• Example Storage Distribution Processes
  • The logger device 30 may store the data by applying a storage distribution processes described above with respect to FIG. 3, FIG. 4 or FIG. 5. Each of the storage processes of FIGS. 3-5 performs a calculation on the origination data information to quickly determine which storage device to use to store the energy usage data. An example operation that may be performed on the origination data information includes a spreading algorithm. An example operation includes a spreading algorithm that is capable of quickly executing a determination of where to store the incoming data (e.g., block 512).
  • For example, the logger device 30 may receive data from a plurality of agent devices 30, 32. Each logger device 30 may quickly provide storage for the information (e.g., individual or aggregate) that it receives as the information arrives from numerous sources by applying a spreading algorithm to the origination data information. Upon receipt of the energy usage data information each logger device 30 may determine and assign a particular value for each origination data information 602 of each information data unit (e.g., individual packet 600 or aggregate form e.g. 610) that it received.
  • For example, the logger device 30 may assign values for each character of the origination device's assigned string name representation (e.g., sensor name such as “meeting room 7 CO2 sensor 1”). The logger device 30 may convert these individual string characters to respective values, and then sum up the respective values to produce a total sum. The total sum may be operated on by a mathematical algorithm, or simple calculation, such as a modulus operation, e.g., modulus 2, to determine to which storage unit the individual energy usage information packet may be stored. Other coding techniques may also be used. The following is an example of how a string type of origination information 602 may be transformed into a value.
  • For example, “m” has a Ascii value of 109; “e” has a Ascii value of 101; etc. . . .
  • For example, see the Ascii table that translates the Ascii value to a decimal value:
  • ASCII CODE Chart—Character and their Equivalent Decimal Values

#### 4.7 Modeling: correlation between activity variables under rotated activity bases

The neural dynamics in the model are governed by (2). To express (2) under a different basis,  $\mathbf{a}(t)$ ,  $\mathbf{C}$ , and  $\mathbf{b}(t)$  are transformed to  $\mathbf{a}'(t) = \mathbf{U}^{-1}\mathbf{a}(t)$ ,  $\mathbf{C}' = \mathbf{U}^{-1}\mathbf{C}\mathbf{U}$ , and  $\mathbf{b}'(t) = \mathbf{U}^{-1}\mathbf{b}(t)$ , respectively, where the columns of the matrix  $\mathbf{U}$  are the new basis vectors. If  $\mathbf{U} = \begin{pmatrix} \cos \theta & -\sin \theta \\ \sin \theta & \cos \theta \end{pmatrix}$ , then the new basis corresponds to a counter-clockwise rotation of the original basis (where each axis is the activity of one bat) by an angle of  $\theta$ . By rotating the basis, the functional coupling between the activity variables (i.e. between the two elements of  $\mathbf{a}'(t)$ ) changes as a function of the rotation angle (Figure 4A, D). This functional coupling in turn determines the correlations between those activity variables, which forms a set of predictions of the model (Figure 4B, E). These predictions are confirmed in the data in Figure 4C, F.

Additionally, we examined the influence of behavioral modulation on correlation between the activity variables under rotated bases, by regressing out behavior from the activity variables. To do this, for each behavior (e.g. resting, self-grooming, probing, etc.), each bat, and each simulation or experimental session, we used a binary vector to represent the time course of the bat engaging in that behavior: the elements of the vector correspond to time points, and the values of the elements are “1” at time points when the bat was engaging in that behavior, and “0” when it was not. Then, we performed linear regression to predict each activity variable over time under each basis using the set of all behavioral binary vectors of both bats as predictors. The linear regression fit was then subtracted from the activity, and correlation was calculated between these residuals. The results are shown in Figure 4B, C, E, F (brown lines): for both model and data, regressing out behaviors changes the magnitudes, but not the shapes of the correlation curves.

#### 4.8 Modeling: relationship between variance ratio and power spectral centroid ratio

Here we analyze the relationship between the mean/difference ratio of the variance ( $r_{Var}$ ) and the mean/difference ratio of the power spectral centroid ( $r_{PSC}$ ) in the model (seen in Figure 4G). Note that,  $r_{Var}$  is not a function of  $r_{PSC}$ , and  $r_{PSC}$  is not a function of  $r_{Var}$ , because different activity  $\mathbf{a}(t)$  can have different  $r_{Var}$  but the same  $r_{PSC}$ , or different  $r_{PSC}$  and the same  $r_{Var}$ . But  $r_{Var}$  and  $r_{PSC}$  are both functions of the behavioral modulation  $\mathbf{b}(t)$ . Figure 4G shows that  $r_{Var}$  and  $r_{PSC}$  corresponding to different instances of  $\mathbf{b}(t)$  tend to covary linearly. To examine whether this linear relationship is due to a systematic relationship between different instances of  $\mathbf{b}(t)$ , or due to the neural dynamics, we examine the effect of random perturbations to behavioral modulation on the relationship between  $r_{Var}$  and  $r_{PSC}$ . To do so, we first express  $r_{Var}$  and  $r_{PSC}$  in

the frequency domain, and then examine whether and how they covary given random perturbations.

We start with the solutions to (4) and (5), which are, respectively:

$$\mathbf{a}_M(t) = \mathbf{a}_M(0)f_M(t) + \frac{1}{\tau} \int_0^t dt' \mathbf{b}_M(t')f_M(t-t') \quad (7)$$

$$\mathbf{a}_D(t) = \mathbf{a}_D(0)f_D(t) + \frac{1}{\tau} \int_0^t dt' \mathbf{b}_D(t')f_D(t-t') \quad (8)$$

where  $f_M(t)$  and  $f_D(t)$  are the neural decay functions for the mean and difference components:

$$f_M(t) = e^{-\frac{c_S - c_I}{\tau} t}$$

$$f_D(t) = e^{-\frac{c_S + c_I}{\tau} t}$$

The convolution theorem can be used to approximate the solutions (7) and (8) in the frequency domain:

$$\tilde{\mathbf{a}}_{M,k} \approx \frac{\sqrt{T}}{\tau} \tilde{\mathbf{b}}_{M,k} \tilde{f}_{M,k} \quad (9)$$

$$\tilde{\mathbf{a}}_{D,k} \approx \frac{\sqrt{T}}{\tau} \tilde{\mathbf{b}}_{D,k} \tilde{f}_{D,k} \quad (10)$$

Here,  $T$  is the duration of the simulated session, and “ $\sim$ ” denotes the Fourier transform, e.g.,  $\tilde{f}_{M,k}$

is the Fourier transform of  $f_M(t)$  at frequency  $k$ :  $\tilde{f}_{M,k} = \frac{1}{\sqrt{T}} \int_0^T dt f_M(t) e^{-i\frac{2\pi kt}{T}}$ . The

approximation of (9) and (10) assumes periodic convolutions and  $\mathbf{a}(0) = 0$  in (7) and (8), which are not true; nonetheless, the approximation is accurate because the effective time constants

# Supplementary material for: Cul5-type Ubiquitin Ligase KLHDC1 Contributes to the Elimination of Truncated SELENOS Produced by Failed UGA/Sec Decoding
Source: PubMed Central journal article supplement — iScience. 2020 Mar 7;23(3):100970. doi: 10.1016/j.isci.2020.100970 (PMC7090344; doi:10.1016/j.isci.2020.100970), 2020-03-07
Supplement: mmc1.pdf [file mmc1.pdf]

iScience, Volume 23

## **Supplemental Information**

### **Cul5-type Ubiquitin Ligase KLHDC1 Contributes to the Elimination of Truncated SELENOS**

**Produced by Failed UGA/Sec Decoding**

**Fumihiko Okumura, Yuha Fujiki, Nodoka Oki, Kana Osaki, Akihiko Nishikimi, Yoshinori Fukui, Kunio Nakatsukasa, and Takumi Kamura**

• Char NUL SOH STX ETX EOT ENQ ACK BEL BS HT LF VT FF CR SO SI
    DEC 00 01 02 03 04 05 06 07 08 09 10 11 12 13 14 15
    Char DLE DC1 DC2 DC3 DC4 NAK SYN ETB CAN EM SUB ESC FS GS RS US
    DEC 16 17 18 19 20 21 22 23 24 25 26 27 28 29 30 31
    Char SP ! # $ % & ( ) * + , - . /
    DEC 32 33 34 35 36 37 38 39 40 41 42 43 44 45 46 47
    Char  0  1  2  3  4  5  6  7  8  9 : ; < = > ?
    DEC 48 49 50 51 52 53 54 55 56 57 58 59 60 61 62 63
    Char @ A B C D E F G H I J K L M N O
    DEC 64 65 66 67 68 69 70 71 72 73 74 75 76 77 78 79
    Char P Q R S T U V W X Y Z [ \ ] {circumflex over ( )}
    DEC 80 81 82 83 84 85 86 87 88 89 90 91 92 93 94 95
    Char {grave over ( )} a b c d e f g h i j k l m n o
    DEC 96 97 98 99 100  101  102  103  104  105  106  107  108  109  110  111 
    Char p q r s t u v w x y z { | } ~ DEL
    DEC 112  113  114  115  116  117  118  119  120  121  122  123  124  125  126  127 
  • Thus, using the example Ascii conversion table, the string “meeting room 7 CO2 sensor 1” would translate and then add up to the decimal value of 2,655. A data logger device 30 may process the decimal value 2,655 with a modulus operator, for example modulus 2, to produce an output, which would have the possibility of an output of any one of 0, 1, 2. For example, 2,655 modulus 3 has an output of 0. Whereas a string of “meeting room 7 CO2 sensor 2” would produce a decimal value of 2,656, which would have a modulus 3 output of 1.
  • Other operator values may be used. The modulus operator may be used as it provides quick execution by a processor when determining where to store the data (block 216). Applying such a fast operation to information that is capable of quick transfer to numerical value, along with the described system architecture, allows for an effective and easily scalable data access and storage system. For example, as new sensor or measurement devices 10 are added to the system, each new sensor or measurement device 10 may be configured with origination name information 2002 that may be processed quickly by the existing storage distribution algorithm so that less if any new configuration setup information is required beyond the sensor or measurement device 10. Other systems do not produce such an effective solution for scaling up a smart grid system.